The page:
Rail unions turn to arbitration in dispute over BNSF rules
OMAHA, Neb. (AP) — BNSF’s two largest unions will ask an arbitrator to throw out the railroad’s strict new attendance policy instead of appealing a court order preventing them from striking.
The unions that represent 17,000 BNSF workers said Wednesday they decided that arbitration will provide the quickest resolution to the dispute because they can get an answer in a matter of months instead of pursuing an appeal that could take a year or two.
The unions say the new rules that took effect Feb. 1 penalize workers for missing work for any reason and put them on call 24-7, while drastically reducing the number of days workers can take off because of fatigue or other concerns.
The unions have called for a federal investigation into whether the new rules are jeopardizing safety on the railroad. The Transportation Department, however, has declined to intervene in the dispute.
BNSF has defended the rules, arguing they give employees a clearer idea of where they stand than under the old system, while ensuring the railroad has enough workers available to operate its trains that haul the products and supplies many businesses need. BNSF said it believes its new policy provides “ample time for obligations outside of work, including planned vacations, personal leave days and unplanned absences.”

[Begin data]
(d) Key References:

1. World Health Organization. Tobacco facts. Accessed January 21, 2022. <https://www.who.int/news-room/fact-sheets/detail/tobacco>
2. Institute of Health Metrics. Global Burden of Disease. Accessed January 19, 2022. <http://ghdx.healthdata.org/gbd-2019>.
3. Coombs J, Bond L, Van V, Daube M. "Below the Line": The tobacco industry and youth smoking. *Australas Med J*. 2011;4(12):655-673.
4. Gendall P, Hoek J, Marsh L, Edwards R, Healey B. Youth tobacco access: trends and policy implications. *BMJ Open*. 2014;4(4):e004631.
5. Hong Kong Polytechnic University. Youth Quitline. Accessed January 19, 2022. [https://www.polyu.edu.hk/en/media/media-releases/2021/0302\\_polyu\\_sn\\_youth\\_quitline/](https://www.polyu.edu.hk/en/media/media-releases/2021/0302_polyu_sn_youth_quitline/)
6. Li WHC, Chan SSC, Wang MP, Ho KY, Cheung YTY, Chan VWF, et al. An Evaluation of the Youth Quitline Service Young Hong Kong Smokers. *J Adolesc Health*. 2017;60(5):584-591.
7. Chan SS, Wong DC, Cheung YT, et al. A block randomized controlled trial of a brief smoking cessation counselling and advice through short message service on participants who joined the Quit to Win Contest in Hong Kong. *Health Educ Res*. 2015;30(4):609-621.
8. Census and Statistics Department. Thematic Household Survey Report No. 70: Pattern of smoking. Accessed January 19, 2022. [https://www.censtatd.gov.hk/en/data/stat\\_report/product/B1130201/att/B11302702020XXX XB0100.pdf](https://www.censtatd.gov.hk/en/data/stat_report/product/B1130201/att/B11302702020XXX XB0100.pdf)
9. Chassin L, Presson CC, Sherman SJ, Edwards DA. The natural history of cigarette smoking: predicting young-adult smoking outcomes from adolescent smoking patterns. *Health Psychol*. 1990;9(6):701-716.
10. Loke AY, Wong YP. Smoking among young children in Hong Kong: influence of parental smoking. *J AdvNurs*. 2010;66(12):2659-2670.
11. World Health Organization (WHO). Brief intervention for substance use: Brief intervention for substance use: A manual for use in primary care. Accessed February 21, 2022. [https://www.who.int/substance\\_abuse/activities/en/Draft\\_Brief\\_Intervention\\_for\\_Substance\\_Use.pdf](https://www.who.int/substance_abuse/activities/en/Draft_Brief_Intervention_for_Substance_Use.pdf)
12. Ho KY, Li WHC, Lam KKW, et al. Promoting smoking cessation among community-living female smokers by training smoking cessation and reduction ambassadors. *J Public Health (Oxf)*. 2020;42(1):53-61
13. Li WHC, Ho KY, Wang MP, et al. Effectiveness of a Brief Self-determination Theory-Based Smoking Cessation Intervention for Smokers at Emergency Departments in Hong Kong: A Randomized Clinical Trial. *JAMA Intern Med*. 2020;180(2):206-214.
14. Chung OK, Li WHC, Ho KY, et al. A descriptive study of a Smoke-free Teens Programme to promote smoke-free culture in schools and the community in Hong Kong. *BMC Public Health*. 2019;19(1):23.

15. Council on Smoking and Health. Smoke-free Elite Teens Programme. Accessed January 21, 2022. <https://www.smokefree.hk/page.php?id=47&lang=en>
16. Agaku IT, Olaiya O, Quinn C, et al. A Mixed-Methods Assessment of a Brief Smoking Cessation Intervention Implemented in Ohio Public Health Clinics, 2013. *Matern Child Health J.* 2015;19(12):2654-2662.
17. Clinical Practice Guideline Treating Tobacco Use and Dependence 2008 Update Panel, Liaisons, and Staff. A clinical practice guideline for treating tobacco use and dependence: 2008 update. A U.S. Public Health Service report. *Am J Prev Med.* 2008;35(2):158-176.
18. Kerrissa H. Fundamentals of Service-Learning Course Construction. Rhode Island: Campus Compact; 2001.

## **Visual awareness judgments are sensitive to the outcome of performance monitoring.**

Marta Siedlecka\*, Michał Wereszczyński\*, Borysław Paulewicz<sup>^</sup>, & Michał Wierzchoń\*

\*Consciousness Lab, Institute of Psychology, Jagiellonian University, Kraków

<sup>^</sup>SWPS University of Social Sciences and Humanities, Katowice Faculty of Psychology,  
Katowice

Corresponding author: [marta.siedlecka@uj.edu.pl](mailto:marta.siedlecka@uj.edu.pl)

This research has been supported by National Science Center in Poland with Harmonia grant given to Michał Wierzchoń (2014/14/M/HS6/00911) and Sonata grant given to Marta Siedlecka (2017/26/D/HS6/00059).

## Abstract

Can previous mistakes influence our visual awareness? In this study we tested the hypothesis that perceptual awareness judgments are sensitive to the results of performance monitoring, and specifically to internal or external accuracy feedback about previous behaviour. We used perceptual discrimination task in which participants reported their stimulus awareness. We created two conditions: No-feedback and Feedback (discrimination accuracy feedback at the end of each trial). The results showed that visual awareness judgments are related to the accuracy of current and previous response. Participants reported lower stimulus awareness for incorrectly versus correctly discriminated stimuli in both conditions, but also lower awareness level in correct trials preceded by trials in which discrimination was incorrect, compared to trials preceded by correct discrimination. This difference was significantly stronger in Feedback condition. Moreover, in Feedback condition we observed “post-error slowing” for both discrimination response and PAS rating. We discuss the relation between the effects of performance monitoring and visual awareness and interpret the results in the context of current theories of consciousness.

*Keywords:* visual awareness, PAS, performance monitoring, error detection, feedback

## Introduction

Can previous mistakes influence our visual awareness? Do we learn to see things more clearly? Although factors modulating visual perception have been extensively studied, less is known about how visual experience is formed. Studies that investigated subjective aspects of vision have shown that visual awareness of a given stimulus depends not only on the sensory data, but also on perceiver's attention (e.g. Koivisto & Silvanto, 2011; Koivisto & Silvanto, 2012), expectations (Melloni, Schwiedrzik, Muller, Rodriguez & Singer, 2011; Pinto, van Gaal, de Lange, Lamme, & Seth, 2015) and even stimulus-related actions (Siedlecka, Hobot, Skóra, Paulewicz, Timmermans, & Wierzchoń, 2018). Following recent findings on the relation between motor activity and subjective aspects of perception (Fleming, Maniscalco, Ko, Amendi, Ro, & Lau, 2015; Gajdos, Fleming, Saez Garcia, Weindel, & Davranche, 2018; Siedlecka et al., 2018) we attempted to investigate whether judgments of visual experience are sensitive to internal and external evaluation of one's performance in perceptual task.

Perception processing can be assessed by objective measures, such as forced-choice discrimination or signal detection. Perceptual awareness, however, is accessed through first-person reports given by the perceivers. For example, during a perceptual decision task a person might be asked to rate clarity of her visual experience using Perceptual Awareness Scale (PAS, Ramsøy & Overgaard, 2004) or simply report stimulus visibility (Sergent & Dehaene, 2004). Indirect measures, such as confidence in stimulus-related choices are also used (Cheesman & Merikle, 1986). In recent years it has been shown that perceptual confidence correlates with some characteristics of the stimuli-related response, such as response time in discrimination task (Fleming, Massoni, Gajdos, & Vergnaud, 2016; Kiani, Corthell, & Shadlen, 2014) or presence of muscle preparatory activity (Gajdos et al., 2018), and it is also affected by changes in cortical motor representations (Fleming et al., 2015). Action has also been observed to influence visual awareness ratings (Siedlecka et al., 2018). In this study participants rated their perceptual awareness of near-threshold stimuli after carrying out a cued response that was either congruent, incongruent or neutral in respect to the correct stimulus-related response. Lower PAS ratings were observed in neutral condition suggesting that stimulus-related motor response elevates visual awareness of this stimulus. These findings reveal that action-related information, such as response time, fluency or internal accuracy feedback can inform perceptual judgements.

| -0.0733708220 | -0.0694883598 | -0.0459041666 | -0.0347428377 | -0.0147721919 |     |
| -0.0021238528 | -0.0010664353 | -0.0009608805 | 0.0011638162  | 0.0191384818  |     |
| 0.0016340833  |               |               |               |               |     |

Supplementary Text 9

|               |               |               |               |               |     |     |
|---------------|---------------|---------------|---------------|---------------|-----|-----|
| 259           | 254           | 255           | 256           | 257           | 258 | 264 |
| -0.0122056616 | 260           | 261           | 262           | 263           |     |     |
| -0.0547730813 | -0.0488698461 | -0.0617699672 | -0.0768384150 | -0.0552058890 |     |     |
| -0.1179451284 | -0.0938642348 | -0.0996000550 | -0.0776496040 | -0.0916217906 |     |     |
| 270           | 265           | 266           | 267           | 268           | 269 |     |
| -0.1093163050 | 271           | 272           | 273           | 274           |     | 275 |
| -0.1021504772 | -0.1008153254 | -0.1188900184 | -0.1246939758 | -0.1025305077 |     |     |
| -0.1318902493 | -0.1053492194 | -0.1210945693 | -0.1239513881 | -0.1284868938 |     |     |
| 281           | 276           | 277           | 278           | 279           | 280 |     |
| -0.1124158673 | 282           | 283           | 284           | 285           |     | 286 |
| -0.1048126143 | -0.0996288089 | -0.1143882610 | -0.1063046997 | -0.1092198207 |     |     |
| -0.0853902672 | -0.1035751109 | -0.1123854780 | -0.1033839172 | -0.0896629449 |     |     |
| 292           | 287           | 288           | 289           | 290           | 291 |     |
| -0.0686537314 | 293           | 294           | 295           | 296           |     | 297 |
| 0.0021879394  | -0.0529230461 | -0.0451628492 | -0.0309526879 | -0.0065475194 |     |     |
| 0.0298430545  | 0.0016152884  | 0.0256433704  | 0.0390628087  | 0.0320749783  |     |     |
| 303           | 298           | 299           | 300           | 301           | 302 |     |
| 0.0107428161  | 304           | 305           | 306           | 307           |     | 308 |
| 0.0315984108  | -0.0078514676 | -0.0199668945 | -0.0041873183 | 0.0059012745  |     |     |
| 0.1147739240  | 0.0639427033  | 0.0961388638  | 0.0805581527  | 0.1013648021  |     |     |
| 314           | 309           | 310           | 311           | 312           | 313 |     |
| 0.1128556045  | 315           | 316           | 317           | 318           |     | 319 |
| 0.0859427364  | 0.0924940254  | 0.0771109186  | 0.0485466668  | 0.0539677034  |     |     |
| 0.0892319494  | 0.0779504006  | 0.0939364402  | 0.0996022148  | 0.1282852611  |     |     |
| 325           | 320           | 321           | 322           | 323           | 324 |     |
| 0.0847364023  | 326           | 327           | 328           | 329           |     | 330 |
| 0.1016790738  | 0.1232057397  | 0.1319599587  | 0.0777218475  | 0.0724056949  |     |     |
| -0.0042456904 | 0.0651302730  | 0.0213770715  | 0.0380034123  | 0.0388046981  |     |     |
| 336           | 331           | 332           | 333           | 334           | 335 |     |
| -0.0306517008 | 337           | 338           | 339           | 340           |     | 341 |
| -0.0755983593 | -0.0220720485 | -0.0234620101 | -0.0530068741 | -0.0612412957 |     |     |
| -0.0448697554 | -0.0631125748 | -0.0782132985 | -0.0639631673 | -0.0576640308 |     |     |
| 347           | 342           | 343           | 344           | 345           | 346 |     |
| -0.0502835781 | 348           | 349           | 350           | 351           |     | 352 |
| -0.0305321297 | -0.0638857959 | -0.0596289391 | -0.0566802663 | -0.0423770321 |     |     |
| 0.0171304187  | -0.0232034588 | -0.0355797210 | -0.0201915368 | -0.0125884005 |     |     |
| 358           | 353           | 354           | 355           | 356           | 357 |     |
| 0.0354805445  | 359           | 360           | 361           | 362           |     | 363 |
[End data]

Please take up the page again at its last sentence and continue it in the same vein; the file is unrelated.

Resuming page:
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The unions — the Brotherhood of Locomotive Engineers and Trainmen, and the Transportation Division of the International Association of Sheet Metal, Air, Rail, and Transportation — have said the new rules cut the number of days workers can be off because of fatigue or other concerns from the current 84 days a year to 22 days.
A federal judge decided federal law won’t allow the unions to strike over this dispute because it is a minor issue under the terms of their contracts. The judge also said that a railroad strike would threaten the economy because so many companies rely on BNSF.
BNSF, which is based in Fort Worth, Texas, is one of the largest railroads in the United States, and it operates 32,500 miles (52,300 kilometers) of track in 28 western states.